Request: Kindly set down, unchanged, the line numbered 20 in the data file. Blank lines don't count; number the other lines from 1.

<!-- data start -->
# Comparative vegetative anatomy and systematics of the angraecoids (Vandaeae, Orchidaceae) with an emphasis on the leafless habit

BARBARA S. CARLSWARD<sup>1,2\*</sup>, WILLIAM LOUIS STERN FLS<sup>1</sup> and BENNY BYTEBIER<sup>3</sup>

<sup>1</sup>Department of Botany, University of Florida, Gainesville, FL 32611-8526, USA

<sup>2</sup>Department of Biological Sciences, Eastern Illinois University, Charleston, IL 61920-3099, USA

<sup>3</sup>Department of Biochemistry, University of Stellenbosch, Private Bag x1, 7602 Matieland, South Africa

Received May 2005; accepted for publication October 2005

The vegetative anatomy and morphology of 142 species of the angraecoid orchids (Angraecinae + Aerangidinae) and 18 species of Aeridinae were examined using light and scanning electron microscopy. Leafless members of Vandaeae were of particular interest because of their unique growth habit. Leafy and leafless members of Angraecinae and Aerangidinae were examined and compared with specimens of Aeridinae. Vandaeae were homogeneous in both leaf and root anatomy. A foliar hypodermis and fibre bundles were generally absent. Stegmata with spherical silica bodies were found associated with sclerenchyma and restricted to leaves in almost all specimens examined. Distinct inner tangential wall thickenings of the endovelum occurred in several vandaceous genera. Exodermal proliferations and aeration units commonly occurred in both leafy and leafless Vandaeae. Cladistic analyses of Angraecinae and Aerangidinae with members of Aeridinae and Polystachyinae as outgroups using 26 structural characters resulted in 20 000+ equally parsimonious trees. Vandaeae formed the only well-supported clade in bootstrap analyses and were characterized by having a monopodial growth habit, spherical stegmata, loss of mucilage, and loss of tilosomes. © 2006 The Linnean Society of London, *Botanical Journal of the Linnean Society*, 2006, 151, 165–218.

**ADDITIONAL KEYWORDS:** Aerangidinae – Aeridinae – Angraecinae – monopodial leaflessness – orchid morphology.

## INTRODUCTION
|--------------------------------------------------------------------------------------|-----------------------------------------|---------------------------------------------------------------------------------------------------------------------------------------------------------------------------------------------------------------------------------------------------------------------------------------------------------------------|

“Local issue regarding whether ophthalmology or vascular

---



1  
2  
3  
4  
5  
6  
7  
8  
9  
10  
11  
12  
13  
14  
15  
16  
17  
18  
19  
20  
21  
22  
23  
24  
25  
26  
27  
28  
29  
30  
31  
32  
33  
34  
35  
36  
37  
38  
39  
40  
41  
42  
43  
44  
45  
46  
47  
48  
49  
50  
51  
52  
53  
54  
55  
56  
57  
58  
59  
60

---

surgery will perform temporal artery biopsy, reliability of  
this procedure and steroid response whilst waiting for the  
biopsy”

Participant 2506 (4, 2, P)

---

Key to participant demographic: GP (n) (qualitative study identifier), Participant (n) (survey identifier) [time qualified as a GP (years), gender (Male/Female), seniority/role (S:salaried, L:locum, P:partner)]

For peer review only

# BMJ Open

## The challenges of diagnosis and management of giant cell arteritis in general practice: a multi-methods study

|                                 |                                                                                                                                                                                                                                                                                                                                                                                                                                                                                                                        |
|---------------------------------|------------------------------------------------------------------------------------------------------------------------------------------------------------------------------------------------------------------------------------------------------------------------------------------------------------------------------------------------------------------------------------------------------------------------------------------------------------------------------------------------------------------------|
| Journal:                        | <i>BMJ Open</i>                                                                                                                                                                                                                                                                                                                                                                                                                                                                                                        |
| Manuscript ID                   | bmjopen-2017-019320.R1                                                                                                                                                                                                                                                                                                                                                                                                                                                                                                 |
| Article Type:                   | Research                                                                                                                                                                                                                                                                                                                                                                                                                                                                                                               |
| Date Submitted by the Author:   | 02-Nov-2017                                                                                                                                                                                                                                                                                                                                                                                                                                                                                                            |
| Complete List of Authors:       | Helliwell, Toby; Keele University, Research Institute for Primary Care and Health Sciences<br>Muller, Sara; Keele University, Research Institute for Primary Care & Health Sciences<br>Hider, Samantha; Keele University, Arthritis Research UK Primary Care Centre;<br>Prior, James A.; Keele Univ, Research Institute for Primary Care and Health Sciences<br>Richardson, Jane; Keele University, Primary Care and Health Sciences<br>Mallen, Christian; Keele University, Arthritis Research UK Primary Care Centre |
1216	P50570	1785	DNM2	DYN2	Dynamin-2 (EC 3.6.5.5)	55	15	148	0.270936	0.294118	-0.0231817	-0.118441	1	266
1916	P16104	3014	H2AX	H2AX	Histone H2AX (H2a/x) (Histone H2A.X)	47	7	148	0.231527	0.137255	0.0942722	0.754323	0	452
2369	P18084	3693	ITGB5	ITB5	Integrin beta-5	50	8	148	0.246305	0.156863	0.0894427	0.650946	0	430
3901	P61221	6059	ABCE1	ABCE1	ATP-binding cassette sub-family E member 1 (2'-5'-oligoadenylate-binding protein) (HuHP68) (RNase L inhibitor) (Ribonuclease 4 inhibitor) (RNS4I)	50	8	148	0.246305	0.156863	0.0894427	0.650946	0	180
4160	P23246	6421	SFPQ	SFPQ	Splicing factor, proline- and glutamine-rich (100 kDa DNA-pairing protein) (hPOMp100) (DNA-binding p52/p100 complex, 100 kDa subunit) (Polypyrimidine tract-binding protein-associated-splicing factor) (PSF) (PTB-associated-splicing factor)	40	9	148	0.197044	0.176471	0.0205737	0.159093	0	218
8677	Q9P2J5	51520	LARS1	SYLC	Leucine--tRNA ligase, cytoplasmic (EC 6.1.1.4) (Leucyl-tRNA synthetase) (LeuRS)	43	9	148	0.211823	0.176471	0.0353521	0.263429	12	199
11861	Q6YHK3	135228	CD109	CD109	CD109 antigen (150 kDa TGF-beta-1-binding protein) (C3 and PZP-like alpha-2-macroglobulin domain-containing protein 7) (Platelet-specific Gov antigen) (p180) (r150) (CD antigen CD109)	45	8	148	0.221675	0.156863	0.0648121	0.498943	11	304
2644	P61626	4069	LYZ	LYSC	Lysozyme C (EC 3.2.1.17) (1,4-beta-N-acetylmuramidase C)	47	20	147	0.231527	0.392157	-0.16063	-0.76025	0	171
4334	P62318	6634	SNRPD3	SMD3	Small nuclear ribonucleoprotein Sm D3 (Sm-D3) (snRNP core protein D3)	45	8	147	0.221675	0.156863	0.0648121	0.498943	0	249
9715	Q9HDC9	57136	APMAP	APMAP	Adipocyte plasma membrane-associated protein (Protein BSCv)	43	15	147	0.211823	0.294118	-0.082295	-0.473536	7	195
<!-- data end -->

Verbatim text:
8  